- Source: The New York Times
- Author: Hilarie M. Sheets
- Date: May 12, 2022
- Format: ONline
Artists Are Putting Their Stamp on Lincoln Center
In a partnership with the Studio Museum in Harlem and the Public Art Fund, works by Nina Chanel Abney and Jacolby Satterwhite will help reintroduce Geffen Hall this fall.
When David Geffen Hall reopens on the Lincoln Center campus this fall, two new artworks — by Nina Chanel Abney and by Jacolby Satterwhite — will be splayed across the 65th Street facade and a 50-foot media wall in the renovated lobby.
These highly visible pieces, commissioned by the performing arts center in partnership with the Studio Museum in Harlem and the Public Art Fund, are positioned to help reintroduce the longtime home of the New York Philharmonic to the city and will inaugurate a rotating program of visual artists invited to put their stamp on Lincoln Center.
“One of the overriding goals of the new David Geffen Hall has been to find ways to connect more meaningfully with outside — not just to open up but to reach out,” said Henry Timms, president and chief executive of Lincoln Center for the Performing Arts. “We’ve been very intentional about thinking about different voices, different audiences, more people seeing themselves at Lincoln Center. The Studio Museum was the perfect partner for that.”
For the museum, which has been organizing temporary installations of public art since 2016 in Harlem while its 125th Street building is under construction, this collaboration was “a great opportunity to extend our engagement in site-specific commissioned artwork,” said Thelma Golden, the Studio Museum’s director and chief curator. It also allows the museum to complement the work at Lincoln Center “to broaden and deepen and expand their program and the ways in which they engage audiences.” Golden pulled in the Public Art Fund for the organization’s resources and expertise in implementing large-scale public projects.
Together, the institutions developed the curatorial vision and identified the two prominent locations for the art — a 10,000-square-foot expanse on the north facade of the building and a new multiuse media wall running across the lobby. This space has been reconceived as a kind of living room, open to the public all day with beverages. Nonticketholders will be able to view the art on the media wall that will also broadcast the Philharmonic down to the lobby when it is playing upstairs. Abney, 39, known for her bold, large-scale paintings, and Satterwhite, 36, a multidisciplinary artist who combines digital media and painting, were selected from more than half a dozen artists of color invited to make site-specific proposals.
“That facade for so long was thought of as the blank back side of the building and is kind of hiding in plain sight,” said Nicholas Baume, artistic and executive director of the Public Art Fund. “It’s right there at that intersection of all these major streets and can express this concept that Lincoln Center wants to open itself up to the city and address some of that symbolic citadel-like podium elevation of the original ensemble of buildings.”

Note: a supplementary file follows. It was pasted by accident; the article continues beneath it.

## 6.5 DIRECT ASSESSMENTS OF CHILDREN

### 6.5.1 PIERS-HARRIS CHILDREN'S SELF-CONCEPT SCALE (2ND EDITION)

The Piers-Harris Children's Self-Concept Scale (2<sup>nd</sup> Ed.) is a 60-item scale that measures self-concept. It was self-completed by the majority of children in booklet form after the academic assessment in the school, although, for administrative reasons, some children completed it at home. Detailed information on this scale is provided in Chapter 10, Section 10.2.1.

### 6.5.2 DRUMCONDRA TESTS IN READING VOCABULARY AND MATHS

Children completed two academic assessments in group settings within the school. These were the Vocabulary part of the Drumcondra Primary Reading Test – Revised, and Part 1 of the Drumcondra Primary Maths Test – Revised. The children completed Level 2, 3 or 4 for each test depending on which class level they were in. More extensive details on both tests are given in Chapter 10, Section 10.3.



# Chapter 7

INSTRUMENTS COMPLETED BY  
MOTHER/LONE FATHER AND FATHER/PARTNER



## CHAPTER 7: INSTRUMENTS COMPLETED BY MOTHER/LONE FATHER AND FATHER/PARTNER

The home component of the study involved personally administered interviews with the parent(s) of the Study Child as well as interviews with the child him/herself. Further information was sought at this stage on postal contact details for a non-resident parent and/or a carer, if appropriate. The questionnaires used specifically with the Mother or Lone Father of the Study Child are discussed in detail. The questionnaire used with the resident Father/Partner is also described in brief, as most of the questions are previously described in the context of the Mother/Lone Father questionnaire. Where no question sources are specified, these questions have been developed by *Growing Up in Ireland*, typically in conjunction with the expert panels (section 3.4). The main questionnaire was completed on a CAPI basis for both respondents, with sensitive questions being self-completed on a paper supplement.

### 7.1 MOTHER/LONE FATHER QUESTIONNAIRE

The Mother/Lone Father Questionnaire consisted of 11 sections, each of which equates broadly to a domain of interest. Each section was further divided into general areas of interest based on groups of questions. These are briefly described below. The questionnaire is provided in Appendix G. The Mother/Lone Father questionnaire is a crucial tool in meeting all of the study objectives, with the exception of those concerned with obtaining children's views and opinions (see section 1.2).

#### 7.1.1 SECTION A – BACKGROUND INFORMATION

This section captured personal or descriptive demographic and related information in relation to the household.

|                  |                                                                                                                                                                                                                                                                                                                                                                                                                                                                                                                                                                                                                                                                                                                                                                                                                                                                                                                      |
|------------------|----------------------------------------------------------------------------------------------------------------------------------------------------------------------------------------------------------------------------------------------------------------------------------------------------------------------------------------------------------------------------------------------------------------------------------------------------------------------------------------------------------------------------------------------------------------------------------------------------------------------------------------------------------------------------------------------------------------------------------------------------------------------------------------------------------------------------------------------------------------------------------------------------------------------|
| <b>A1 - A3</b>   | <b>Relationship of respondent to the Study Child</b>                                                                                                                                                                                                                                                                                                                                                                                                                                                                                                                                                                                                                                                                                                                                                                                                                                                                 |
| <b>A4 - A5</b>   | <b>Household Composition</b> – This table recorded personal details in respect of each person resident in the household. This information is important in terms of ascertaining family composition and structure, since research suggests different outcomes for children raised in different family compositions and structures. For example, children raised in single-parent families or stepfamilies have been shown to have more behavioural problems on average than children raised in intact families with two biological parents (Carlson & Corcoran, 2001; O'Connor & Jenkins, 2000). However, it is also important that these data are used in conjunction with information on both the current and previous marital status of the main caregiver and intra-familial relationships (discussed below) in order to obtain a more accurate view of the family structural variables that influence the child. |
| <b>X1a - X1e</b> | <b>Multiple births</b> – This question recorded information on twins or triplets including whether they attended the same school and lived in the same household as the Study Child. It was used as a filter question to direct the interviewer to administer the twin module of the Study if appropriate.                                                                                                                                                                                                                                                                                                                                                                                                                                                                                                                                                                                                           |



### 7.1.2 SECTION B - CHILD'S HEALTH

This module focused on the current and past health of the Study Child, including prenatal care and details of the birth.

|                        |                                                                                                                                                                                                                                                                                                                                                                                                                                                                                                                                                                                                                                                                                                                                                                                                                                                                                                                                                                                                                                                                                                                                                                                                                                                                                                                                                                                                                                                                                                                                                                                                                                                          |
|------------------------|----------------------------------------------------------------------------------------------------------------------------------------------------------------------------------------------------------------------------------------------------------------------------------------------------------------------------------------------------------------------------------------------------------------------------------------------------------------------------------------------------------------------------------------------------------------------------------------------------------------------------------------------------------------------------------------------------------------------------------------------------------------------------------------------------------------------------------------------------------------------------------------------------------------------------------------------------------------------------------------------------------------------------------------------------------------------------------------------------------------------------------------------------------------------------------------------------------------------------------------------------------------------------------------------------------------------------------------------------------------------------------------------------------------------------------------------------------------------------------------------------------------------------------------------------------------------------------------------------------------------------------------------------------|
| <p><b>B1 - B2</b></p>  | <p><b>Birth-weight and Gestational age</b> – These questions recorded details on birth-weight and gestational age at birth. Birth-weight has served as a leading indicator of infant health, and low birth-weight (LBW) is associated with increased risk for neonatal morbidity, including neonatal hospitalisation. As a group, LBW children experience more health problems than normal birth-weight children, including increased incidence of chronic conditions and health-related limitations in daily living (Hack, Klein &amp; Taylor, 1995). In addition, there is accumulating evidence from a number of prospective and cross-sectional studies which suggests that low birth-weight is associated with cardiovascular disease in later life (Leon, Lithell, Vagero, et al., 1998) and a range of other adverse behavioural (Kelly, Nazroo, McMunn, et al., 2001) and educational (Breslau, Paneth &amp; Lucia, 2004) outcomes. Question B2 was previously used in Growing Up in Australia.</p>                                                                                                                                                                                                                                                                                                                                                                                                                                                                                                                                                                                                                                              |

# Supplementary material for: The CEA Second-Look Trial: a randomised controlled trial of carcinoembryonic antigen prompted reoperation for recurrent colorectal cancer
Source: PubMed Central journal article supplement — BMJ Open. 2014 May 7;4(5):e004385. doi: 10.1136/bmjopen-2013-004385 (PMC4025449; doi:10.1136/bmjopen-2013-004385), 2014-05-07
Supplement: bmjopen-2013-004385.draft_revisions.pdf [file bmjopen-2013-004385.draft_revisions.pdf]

In a dynamic constellation of colorful stylized figures, symbols and patterns to be printed on vinyl and applied across a grid of 35 windows on that north facade, Abney will pay homage to San Juan Hill, a largely Black and Puerto Rican neighborhood that was demolished to make way for the 14-acre federally aided Lincoln Center project, which broke ground in 1959.
“I was interested to delve into the history and the amazing people who inhabited that neighborhood,” said Abney, who is working with the Schomburg Center for Research in Black Culture to study San Juan Hill, considered the birthplace of the Charleston and bebop, and home to musicians including the jazz pianist Thelonious Monk. “It’s acknowledgment and celebrating what was there.”
In tandem, Lincoln Center has commissioned the composer Etienne Charles to explore the neighborhood’s legacy in a piece, “San Juan Hill,” to be performed by the Philharmonic in the new hall for free on Oct. 8.
“This is part of a necessary engagement with our history,” Timms said. “This isn’t a one-off.”
In a poetic, digitally animated landscape that will unfold across the 50-foot media wall in the lobby, Satterwhite plans to tell a story about the past, present and future of the New York Philharmonic. “The history of Lincoln Center is very male and white — that’s what it’s perceived as,” Satterwhite said. He is working with archivists there to mine footage of conductors and performers of different races and genders working more at the margins of the Philharmonic, to be woven fluidly into a kind of pastoral concert with 100 student musicians and dancers from Alvin Ailey, LaGuardia High School and others that Satterwhite is filming.
“I want to reanimate the timeline that may traditionally be told, without any kind of hierarchy,” Satterwhite said. The pandemic, he feels, has offered an opportunity for “culture and society to reconfigure and reflect on itself. I want this piece to be very much about moving forward.”